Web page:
Here’s a poem I wrote late spring in the beginning of the pandemic, for my brother, inspired by how one tragedy calls up another.
Another World a pandemic poem This morning I woke in the former world, the world before the virus, or so I believed. The sun had the same kiss of brass to it as it does in this post Covid 19 morning. The scent of spring was similarly buoyant on the morning breeze, daffodils and the early hyacinths. The same black-mohawked Steller’s Jay perched on the edge of the roof, staring down at the morning coastline below our hillside, sea dark and serene, swells horizonward with white crests like bobbing gulls. They may have been actual seagulls, this morning, or in that former world. A calm, lulled, sort of ordinary morning that brims with coffee aroma and the slow thoughts that come into focus with each sip—the necessary to do list—work, pets, chores. A morning that but for the virus could be any other. I can take my cat into my arms, but not hug my neighbor, just home from his cataract surgery at the hospital. I cannot take the dogs for a morning stroll in the shuttered park, nor meet a friend out for lunch, nor run an errand just to pick up an item or two. Every decision in this world’s morning is about staying far from death’s embrace. About keeping each other safe. About love filtered through masks and screens and the morning light of pandemic.
Thanks to Courtney Cook Williamson for selecting my poem,
“Metrophobia (the Fear of Poetry) in a Time Covid-19”
for The Decameron!
Here’s a link to their inspiring site:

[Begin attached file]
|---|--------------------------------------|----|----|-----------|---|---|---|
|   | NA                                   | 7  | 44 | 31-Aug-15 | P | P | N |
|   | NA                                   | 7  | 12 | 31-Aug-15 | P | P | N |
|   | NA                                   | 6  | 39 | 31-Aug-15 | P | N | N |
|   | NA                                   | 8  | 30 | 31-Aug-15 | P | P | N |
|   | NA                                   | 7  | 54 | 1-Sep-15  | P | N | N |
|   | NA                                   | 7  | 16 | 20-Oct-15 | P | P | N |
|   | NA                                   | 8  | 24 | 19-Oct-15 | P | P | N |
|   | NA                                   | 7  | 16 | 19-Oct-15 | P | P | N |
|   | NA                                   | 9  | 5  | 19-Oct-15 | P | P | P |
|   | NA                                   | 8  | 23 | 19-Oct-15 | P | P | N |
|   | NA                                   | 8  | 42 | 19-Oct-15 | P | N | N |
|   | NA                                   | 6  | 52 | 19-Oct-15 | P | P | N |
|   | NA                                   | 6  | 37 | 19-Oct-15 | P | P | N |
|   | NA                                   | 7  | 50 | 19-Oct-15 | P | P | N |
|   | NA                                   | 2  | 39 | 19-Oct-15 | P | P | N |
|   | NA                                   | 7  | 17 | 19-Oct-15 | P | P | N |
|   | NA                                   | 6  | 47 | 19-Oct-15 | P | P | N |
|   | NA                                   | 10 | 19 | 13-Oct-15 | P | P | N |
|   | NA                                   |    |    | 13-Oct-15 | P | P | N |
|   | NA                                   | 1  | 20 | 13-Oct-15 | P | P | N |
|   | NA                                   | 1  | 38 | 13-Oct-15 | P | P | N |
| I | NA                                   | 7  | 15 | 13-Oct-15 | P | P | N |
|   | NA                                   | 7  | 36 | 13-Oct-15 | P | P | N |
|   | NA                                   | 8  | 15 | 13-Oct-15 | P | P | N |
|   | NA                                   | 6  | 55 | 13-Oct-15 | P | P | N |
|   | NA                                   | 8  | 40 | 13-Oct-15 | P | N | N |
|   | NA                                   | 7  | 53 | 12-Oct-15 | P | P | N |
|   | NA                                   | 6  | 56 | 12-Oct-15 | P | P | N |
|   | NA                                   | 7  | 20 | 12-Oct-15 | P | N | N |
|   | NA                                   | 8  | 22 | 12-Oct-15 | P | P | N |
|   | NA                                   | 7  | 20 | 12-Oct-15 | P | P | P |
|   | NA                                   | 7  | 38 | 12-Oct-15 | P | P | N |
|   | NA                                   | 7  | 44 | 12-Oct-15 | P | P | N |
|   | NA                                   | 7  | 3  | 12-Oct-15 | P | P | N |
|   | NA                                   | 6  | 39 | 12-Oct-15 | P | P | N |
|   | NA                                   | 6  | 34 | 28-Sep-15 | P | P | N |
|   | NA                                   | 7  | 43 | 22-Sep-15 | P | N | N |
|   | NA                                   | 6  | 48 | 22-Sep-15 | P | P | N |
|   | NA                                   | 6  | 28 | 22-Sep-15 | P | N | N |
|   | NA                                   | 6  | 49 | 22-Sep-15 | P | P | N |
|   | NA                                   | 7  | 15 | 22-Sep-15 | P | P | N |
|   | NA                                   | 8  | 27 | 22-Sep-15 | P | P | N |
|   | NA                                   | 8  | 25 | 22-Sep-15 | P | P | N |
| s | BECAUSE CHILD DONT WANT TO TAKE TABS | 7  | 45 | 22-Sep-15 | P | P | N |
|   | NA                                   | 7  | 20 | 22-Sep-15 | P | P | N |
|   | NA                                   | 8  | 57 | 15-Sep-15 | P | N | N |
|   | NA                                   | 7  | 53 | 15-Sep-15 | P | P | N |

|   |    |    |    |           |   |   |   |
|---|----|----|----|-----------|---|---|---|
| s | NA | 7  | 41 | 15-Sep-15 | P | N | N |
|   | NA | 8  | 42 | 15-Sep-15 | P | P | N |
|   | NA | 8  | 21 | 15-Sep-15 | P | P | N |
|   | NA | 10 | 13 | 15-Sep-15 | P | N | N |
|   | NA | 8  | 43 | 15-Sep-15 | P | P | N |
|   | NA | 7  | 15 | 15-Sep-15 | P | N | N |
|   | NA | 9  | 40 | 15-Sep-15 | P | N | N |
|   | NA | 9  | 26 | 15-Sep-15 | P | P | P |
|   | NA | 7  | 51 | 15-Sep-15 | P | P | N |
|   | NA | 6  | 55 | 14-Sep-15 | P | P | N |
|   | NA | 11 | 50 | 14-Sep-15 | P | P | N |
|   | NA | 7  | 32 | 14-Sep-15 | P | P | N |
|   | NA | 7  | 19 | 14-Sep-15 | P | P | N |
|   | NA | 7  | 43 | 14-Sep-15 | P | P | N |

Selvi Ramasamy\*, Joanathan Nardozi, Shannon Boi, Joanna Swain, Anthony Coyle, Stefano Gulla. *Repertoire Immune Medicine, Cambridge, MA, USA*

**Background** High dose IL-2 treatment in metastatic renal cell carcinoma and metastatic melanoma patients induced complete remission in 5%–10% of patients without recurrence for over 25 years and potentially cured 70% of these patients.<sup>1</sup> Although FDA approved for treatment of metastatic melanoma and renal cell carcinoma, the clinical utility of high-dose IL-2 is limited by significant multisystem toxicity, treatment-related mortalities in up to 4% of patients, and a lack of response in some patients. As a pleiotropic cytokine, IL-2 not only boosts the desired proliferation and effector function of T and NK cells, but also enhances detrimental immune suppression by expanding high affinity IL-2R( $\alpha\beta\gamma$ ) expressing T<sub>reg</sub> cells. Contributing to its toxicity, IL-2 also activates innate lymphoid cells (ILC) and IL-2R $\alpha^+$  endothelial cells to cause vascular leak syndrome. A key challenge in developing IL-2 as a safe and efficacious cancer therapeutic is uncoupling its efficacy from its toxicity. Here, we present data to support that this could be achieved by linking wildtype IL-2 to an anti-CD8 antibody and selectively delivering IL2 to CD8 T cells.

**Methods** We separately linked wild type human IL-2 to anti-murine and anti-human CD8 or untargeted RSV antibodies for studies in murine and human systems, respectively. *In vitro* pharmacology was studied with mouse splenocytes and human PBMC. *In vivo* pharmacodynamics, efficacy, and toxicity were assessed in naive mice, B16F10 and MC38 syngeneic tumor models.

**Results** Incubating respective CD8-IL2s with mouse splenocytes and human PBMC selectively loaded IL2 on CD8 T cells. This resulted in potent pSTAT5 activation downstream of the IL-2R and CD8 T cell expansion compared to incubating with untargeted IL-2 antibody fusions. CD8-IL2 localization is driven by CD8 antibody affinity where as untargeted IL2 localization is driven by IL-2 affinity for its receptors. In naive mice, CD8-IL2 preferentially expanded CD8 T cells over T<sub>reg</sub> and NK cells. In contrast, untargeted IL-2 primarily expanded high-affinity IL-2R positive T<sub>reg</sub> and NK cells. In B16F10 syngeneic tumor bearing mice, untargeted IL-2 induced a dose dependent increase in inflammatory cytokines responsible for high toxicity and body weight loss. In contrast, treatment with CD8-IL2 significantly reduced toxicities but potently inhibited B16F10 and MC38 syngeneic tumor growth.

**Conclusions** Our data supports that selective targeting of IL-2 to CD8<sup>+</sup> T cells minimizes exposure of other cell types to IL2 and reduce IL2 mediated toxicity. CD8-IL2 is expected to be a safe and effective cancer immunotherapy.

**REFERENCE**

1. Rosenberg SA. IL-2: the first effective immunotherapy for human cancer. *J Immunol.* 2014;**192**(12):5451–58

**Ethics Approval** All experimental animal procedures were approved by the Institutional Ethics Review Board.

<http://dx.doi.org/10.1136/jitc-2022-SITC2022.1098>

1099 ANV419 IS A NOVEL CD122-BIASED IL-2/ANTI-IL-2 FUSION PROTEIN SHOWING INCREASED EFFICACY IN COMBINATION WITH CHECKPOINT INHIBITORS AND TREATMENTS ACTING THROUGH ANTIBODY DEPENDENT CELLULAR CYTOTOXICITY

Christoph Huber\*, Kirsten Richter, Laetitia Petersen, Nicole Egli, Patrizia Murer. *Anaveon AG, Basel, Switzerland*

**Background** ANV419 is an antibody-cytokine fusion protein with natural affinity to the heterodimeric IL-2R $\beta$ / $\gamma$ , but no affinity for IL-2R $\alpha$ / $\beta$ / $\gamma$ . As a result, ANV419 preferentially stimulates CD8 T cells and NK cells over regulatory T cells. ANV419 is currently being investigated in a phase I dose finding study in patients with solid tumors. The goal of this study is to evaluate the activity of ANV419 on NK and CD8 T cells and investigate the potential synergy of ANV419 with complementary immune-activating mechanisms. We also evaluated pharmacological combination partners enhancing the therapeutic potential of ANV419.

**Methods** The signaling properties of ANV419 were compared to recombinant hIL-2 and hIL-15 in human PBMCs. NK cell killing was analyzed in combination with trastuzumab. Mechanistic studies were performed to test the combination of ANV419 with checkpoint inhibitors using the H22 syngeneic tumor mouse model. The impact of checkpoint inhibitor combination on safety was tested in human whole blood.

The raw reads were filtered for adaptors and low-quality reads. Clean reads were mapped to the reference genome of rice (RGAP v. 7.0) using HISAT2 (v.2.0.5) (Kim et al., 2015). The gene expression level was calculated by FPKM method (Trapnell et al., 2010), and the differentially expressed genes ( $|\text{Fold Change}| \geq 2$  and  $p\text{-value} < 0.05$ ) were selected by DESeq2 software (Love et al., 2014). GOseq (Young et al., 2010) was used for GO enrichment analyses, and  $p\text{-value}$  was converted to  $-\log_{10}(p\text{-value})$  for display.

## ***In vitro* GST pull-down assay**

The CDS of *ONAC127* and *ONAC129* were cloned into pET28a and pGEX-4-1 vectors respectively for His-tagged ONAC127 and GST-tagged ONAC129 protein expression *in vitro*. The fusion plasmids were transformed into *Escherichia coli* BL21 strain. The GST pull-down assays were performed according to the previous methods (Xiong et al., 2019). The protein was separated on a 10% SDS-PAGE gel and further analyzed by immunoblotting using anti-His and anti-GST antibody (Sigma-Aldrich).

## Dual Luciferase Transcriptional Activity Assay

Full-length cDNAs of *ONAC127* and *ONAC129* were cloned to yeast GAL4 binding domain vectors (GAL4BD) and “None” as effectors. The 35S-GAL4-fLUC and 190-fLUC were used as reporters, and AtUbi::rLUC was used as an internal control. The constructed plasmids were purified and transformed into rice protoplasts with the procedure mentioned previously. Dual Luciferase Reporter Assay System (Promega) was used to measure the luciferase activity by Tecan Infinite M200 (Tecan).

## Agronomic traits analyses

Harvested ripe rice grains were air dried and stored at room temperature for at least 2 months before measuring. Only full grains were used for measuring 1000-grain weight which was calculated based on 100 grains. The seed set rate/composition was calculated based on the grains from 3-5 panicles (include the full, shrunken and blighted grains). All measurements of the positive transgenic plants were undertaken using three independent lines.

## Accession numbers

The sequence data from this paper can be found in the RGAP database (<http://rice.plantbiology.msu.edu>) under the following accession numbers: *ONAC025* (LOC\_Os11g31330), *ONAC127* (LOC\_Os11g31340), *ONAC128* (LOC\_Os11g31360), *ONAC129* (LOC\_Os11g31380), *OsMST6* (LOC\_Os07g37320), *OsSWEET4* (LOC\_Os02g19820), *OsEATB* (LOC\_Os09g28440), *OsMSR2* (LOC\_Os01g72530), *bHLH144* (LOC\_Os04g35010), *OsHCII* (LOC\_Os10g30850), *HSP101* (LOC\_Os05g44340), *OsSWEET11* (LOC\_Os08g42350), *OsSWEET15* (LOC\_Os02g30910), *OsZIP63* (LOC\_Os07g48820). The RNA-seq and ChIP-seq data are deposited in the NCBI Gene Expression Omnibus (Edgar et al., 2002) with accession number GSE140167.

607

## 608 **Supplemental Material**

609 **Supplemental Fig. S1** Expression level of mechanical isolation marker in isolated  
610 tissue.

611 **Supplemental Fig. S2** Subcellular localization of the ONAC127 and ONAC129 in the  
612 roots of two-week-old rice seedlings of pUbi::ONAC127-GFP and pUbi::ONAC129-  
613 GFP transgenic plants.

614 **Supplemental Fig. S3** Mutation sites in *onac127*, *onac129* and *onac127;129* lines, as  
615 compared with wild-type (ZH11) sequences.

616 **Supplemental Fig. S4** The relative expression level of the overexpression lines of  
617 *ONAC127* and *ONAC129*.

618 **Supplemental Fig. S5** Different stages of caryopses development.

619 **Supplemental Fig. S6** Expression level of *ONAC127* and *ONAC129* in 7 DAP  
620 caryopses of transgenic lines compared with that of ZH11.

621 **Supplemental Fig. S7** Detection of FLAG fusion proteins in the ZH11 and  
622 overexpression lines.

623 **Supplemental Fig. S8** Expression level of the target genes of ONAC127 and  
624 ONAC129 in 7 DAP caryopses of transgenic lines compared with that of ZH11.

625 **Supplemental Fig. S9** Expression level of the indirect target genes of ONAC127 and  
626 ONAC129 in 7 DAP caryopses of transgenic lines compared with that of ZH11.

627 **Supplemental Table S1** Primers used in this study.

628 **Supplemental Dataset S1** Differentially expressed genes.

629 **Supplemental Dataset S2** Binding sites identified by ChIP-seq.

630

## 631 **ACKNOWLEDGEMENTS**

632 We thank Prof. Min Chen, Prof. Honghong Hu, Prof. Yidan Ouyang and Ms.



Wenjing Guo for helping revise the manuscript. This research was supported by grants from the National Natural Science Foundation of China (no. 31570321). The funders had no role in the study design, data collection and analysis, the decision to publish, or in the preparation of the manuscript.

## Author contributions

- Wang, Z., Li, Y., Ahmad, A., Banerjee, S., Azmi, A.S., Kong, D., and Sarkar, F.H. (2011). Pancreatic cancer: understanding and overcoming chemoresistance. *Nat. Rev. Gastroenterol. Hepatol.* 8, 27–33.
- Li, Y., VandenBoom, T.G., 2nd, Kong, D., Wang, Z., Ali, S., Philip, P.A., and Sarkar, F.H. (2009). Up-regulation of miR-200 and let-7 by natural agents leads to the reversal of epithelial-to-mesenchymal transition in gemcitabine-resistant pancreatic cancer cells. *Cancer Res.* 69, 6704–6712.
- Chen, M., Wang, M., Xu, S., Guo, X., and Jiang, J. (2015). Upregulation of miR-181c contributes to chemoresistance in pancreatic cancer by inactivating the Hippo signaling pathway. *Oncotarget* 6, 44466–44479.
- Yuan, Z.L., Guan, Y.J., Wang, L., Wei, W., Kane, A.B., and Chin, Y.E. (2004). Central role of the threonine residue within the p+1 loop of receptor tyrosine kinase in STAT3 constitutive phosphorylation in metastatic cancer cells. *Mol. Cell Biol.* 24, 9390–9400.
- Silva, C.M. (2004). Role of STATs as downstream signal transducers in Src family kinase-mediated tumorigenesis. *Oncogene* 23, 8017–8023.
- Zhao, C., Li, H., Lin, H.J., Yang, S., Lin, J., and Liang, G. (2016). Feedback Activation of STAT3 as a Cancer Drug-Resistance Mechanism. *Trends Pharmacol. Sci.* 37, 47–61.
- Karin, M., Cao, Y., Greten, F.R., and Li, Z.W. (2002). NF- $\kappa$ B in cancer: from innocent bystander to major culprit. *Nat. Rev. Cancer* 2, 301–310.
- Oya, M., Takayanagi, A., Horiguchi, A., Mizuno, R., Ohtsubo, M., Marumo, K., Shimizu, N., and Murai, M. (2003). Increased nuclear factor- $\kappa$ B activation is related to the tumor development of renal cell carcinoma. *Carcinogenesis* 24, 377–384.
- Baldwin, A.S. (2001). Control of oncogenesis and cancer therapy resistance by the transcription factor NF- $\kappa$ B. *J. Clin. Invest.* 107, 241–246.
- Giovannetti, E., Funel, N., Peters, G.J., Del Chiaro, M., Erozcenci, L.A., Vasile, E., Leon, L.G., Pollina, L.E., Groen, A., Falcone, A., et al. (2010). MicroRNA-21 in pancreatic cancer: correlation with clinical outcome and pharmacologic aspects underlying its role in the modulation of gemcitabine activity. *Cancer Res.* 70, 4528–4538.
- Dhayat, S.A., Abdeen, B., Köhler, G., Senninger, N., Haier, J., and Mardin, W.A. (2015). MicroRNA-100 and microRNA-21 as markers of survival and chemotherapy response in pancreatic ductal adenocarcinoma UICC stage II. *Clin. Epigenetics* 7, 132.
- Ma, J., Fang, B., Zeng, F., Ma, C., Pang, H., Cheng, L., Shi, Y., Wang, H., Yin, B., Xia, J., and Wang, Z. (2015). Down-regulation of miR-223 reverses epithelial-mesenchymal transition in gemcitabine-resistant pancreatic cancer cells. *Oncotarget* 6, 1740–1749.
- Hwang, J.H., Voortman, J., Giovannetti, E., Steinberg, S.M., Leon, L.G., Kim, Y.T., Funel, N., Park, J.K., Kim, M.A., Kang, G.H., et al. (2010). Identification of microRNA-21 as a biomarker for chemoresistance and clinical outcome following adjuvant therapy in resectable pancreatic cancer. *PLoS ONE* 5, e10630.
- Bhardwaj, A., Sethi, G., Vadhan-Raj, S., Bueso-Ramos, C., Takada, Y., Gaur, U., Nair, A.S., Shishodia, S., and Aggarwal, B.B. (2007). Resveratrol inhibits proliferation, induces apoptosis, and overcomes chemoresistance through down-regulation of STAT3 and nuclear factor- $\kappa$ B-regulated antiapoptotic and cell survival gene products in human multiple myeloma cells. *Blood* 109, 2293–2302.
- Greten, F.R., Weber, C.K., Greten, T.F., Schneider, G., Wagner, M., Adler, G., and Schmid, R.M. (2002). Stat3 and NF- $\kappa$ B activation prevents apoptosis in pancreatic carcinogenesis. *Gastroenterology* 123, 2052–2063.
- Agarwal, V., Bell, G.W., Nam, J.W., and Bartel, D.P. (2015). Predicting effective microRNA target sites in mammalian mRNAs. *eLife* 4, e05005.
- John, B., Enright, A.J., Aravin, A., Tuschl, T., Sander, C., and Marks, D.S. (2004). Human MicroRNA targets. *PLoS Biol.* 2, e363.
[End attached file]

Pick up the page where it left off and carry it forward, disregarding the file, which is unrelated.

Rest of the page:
Lana Hechtman Ayers Embraces a pandemic poem A few nights ago, in the car on our way to our sheltering place, I was contemplating how all over the virtual world there is fear and poetry, people reporting sadness and success at isolation. All I could think was dark thoughts, how in two weeks or so many of us will be ill, and some gone forever. “Six degrees of separation,” my husband said, as our car careened through ghost town streets, “guarantees we will know someone whose life the virus claims. “And yet,” he continues, “Statistically, only a couple of percent of the billions of people on earth will die, so, it’s truly unlikely that it will be you or me.” I was a Mathematics major in college many decades ago, so my rational mind should have believed him. But the only place my thoughts could traverse was we haven’t written our wills. Our two dogs asleep in the back seat dreamt with bated breaths, perhaps chasing prey, unknowing of the prey all we humans had become. At home, where we’ll remain for untold months to come, we may hurt for healthy groceries, supplements, cleaning supplies, but reading material and entertainment channels flourish. However, no amount of binge watching British police dramas quells my prospering fears. The only way I manage even a few hours of restless sleep is to keep inventing a movie inside my head I hope someday some director will actually film— unreeling across my closed eyelids I watch strangers hugging in restaurants, strangers hugging in offices, in the middle of crowded streets, hugging in grocery stores and at gas stations— this and only this allows me to let go of the day’s dread, this envisioning of humans reaching out for one another, with open arms and hearts, these embraces after pandemic